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22 Responses to About home.

  1. The newspaper headlines made my day, Fabrizio. I always find it interesting to hear about the towns/cities people are from and how they view them, so this was a lovely post. The ways in which the world is slowly starting to open up is quite interesting. I yearn to be on our land in Portugal, but it appears that it will take a while for the UAE to appear on the list of countries allowed to enter the EU . . . sigh! At least they’ve removed the orange cones from the beach where we live on Sunday, which indicated that the beach was now open and watersports allowed, so I’ve been out with the surfski every morning since then just after sunrise, hugging the mangroves to hear the birds instead of the hum of the city. It feels like a huge freedom. Will you be heading home for a visit then?

    Liked by 1 person

    • awtytravels says:

      Hi Jolandi, thanks for reading! Yes, I might go there – subject to Bonkers Boris’ announcement on quarantine… I hope you’ll be able to go to Portugal too soon!

      Like

      • It really feels like the world has gone mad at times. I hope you’ll be able to make it home soon without the burden of quarantine when you get back. My chances to get to Portugal doesn’t look overly great at the moment, as the UAE has issued a decree a couple of days ago preventing citizens and residents from travelling this summer, unless they visit their home country. Anyway, we are pushing ahead with getting the last things done for the habitation licence and working on paperwork to make the ‘permanent’ move in the next couple of months if the restrictions will lift enough for me to get on a plane . . . Fingers crossed.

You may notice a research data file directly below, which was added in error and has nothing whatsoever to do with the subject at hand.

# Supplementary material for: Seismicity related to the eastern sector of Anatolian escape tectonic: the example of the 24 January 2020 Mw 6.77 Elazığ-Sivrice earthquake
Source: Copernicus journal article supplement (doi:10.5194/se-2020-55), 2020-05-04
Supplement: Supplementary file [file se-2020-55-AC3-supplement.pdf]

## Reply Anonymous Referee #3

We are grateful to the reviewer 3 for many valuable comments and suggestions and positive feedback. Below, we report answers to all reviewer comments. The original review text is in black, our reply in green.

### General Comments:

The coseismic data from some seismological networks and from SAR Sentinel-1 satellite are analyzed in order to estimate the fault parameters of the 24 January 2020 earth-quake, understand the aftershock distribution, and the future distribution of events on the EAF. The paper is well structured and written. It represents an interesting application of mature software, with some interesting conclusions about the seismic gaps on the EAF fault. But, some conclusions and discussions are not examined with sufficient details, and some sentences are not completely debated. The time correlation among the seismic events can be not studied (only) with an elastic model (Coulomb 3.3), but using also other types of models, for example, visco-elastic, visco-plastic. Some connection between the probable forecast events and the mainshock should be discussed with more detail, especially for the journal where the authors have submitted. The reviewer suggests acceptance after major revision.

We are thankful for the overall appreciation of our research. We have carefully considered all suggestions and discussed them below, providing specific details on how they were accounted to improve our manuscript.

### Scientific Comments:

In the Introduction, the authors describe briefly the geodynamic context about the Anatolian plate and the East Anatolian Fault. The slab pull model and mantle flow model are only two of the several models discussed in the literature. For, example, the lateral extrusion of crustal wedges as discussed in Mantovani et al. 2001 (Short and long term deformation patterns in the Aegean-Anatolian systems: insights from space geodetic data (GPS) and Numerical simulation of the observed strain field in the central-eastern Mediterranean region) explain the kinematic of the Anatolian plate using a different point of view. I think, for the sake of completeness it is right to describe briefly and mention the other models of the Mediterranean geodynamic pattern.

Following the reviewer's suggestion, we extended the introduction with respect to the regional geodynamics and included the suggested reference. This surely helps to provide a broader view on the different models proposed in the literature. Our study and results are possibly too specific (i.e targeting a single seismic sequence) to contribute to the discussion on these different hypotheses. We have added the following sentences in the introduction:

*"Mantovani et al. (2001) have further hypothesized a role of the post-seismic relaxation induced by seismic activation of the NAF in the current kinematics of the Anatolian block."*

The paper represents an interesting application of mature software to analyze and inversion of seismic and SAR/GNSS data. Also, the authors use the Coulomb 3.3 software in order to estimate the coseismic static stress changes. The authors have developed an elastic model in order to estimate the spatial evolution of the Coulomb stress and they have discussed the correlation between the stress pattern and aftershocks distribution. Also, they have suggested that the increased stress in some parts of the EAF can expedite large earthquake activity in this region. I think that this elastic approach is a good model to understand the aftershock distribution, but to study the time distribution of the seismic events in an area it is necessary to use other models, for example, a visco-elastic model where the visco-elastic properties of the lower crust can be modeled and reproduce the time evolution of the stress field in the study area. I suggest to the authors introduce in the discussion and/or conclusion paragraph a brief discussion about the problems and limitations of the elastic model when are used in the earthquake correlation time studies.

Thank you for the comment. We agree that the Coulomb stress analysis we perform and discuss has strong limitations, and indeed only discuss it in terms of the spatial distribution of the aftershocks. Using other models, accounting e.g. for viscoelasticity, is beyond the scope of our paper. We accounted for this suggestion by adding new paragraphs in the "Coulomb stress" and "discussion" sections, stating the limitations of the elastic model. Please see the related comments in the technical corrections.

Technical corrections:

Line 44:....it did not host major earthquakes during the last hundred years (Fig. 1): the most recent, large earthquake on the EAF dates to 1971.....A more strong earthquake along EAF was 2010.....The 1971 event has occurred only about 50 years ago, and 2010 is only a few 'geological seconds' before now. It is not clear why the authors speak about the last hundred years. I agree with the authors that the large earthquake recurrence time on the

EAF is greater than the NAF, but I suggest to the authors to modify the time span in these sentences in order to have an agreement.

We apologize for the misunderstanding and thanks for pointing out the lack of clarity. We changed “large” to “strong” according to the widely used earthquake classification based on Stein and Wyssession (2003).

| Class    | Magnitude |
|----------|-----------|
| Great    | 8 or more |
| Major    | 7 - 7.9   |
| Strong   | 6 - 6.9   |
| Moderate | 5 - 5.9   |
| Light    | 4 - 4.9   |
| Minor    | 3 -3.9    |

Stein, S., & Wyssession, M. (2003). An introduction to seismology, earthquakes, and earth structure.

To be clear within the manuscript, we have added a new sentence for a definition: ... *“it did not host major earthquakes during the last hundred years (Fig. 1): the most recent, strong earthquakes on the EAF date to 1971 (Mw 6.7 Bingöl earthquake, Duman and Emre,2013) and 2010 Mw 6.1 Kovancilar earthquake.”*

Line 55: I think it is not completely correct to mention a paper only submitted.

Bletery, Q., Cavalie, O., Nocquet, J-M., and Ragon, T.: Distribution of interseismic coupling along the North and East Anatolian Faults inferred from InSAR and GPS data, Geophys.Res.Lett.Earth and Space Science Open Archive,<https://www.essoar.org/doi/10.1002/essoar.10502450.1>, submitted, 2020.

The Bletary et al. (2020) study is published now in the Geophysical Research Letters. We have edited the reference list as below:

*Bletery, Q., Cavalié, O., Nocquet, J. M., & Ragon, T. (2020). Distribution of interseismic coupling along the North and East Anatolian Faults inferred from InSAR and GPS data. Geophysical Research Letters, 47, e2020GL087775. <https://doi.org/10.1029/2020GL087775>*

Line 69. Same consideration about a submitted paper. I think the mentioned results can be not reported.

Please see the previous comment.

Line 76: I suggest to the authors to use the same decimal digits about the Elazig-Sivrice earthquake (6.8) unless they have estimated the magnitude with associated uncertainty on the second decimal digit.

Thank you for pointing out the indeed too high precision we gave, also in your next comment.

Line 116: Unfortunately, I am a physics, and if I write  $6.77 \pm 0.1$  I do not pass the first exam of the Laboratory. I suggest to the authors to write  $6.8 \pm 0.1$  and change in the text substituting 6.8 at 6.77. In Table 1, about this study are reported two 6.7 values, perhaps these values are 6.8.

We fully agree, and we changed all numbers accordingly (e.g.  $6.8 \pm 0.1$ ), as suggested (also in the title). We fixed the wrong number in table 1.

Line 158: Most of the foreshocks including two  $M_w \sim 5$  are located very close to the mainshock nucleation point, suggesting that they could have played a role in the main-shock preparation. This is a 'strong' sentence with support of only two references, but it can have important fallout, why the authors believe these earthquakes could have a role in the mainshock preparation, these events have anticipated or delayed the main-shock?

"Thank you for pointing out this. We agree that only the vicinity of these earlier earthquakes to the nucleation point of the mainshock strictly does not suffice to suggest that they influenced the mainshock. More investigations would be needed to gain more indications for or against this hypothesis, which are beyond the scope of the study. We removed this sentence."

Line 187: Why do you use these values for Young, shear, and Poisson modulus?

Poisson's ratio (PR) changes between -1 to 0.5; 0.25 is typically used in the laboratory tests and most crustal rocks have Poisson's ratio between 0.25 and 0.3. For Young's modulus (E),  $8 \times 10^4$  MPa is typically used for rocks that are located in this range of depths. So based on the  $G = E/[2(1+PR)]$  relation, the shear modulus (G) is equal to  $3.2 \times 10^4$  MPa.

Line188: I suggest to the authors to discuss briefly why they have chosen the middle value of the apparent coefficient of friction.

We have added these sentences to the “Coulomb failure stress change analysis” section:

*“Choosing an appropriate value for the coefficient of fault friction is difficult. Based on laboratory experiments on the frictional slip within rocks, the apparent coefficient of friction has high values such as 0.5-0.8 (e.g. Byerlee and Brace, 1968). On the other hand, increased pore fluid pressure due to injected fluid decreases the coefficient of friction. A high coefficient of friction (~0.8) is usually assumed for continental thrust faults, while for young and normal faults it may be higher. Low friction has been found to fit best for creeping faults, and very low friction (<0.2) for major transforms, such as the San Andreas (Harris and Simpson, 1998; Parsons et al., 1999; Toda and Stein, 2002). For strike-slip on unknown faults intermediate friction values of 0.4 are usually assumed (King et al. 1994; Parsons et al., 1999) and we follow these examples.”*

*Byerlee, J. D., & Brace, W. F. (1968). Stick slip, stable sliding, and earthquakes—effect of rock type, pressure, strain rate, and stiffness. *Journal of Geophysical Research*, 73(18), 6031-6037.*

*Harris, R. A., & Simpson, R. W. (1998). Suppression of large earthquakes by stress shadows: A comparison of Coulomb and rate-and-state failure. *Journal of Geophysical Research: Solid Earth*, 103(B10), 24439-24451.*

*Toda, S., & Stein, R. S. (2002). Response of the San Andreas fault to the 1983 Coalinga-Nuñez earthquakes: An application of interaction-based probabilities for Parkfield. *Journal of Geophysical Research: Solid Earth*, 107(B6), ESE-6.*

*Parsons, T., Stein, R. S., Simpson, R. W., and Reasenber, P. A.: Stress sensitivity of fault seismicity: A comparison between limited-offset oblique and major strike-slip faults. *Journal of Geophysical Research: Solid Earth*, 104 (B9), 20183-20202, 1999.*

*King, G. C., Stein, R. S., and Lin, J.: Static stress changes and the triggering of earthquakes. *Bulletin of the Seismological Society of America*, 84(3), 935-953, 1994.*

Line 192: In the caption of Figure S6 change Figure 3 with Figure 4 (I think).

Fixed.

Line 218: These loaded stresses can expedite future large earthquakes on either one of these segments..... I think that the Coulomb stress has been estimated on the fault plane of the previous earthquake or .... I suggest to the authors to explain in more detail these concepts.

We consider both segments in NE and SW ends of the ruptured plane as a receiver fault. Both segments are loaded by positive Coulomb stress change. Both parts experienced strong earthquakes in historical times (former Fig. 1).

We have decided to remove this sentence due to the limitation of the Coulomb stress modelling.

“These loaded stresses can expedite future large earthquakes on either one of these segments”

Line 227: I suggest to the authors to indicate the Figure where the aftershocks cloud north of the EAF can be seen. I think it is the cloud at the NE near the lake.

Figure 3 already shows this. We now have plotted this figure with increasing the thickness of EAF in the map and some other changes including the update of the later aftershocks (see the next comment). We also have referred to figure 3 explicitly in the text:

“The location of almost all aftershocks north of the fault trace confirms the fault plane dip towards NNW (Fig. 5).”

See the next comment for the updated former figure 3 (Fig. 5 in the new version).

Liked by 1 person

      • awtytravels says:

        Good luck Jolandi! Here Mophair Boris has announced that we can fly to Italy (and other places including St. Pierre-et-Miquelon, ha!) without being quarantined thereafter. But only if you live in England, Wales and Scotland aren’t toeing the line and no one from Northern Ireland has bothered to comment yet.

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      • Thanks, Fabrizio. That is wonderful news for you. Now you can start making plans. Enjoy!

        Liked by 1 person

  2. The funny headlines combined with the amazing pictures. It was like a comedy, I could imagine those characters in the small town. Great one!

    Liked by 1 person

  3. For real???? A beautiful funny place— great combo. Hope the transition from first time back on public transit to international travel isn’t too daunting. I’m not there yet, on either.

    Liked by 1 person

  4. J.D. Riso says:

    Those headlines are hilarious and the photos are gorgeous. What a fabulous hometown.

    Liked by 1 person

  5. Oh this is gold Fabrizio! Thanks for the laughs. And for the wonderful photographs. What a unique place you’re hometown is 🙂
    Alison

    Liked by 1 person

  6. Petrol in the cafetiere! Is that an accident, I wonder…

    Liked by 1 person

  7. Dave Ply says:

    That’s quite a collection of headlines for one town. We generally turn to Florida when we want to read about oddballs. Good luck with traveling. Thanks to our “brilliant” leadership things are going from bad to worse around here, it may be another year before a real trip is viable.

    Liked by 1 person